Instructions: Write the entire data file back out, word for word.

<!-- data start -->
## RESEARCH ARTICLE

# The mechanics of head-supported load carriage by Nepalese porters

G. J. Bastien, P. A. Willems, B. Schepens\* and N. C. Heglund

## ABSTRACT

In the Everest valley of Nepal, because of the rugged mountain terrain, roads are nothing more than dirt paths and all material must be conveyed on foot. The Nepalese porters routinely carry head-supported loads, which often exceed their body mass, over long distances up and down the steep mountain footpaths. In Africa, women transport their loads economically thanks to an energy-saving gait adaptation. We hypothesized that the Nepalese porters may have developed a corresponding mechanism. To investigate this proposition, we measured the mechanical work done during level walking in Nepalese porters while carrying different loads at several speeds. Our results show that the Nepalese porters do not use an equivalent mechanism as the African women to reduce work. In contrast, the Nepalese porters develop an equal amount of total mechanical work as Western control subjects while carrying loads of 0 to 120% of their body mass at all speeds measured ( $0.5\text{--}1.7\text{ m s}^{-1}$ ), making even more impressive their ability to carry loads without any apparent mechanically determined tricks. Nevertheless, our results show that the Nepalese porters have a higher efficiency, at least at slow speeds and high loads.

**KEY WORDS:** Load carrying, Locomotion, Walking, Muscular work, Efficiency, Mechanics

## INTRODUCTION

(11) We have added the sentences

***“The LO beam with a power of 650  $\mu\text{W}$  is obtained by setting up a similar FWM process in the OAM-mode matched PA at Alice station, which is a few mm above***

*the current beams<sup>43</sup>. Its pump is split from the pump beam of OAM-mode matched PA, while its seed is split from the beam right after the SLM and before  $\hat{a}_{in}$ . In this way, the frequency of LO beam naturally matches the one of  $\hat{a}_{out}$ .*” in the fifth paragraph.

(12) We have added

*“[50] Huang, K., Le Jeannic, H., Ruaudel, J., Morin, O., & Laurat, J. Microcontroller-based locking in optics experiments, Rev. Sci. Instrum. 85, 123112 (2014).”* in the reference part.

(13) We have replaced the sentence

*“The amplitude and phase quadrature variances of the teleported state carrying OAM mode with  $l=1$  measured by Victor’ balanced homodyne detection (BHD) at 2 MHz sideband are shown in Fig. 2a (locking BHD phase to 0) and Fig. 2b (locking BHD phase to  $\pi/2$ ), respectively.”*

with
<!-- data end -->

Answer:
## RESEARCH ARTICLE

# The mechanics of head-supported load carriage by Nepalese porters

G. J. Bastien, P. A. Willems, B. Schepens\* and N. C. Heglund

## ABSTRACT

In the Everest valley of Nepal, because of the rugged mountain terrain, roads are nothing more than dirt paths and all material must be conveyed on foot. The Nepalese porters routinely carry head-supported loads, which often exceed their body mass, over long distances up and down the steep mountain footpaths. In Africa, women transport their loads economically thanks to an energy-saving gait adaptation. We hypothesized that the Nepalese porters may have developed a corresponding mechanism. To investigate this proposition, we measured the mechanical work done during level walking in Nepalese porters while carrying different loads at several speeds. Our results show that the Nepalese porters do not use an equivalent mechanism as the African women to reduce work. In contrast, the Nepalese porters develop an equal amount of total mechanical work as Western control subjects while carrying loads of 0 to 120% of their body mass at all speeds measured ( $0.5\text{--}1.7\text{ m s}^{-1}$ ), making even more impressive their ability to carry loads without any apparent mechanically determined tricks. Nevertheless, our results show that the Nepalese porters have a higher efficiency, at least at slow speeds and high loads.

**KEY WORDS:** Load carrying, Locomotion, Walking, Muscular work, Efficiency, Mechanics

## INTRODUCTION

(11) We have added the sentences

***“The LO beam with a power of 650  $\mu\text{W}$  is obtained by setting up a similar FWM process in the OAM-mode matched PA at Alice station, which is a few mm above***

*the current beams<sup>43</sup>. Its pump is split from the pump beam of OAM-mode matched PA, while its seed is split from the beam right after the SLM and before  $\hat{a}_{in}$ . In this way, the frequency of LO beam naturally matches the one of  $\hat{a}_{out}$ .*” in the fifth paragraph.

(12) We have added

*“[50] Huang, K., Le Jeannic, H., Ruaudel, J., Morin, O., & Laurat, J. Microcontroller-based locking in optics experiments, Rev. Sci. Instrum. 85, 123112 (2014).”* in the reference part.

(13) We have replaced the sentence

*“The amplitude and phase quadrature variances of the teleported state carrying OAM mode with  $l=1$  measured by Victor’ balanced homodyne detection (BHD) at 2 MHz sideband are shown in Fig. 2a (locking BHD phase to 0) and Fig. 2b (locking BHD phase to  $\pi/2$ ), respectively.”*

with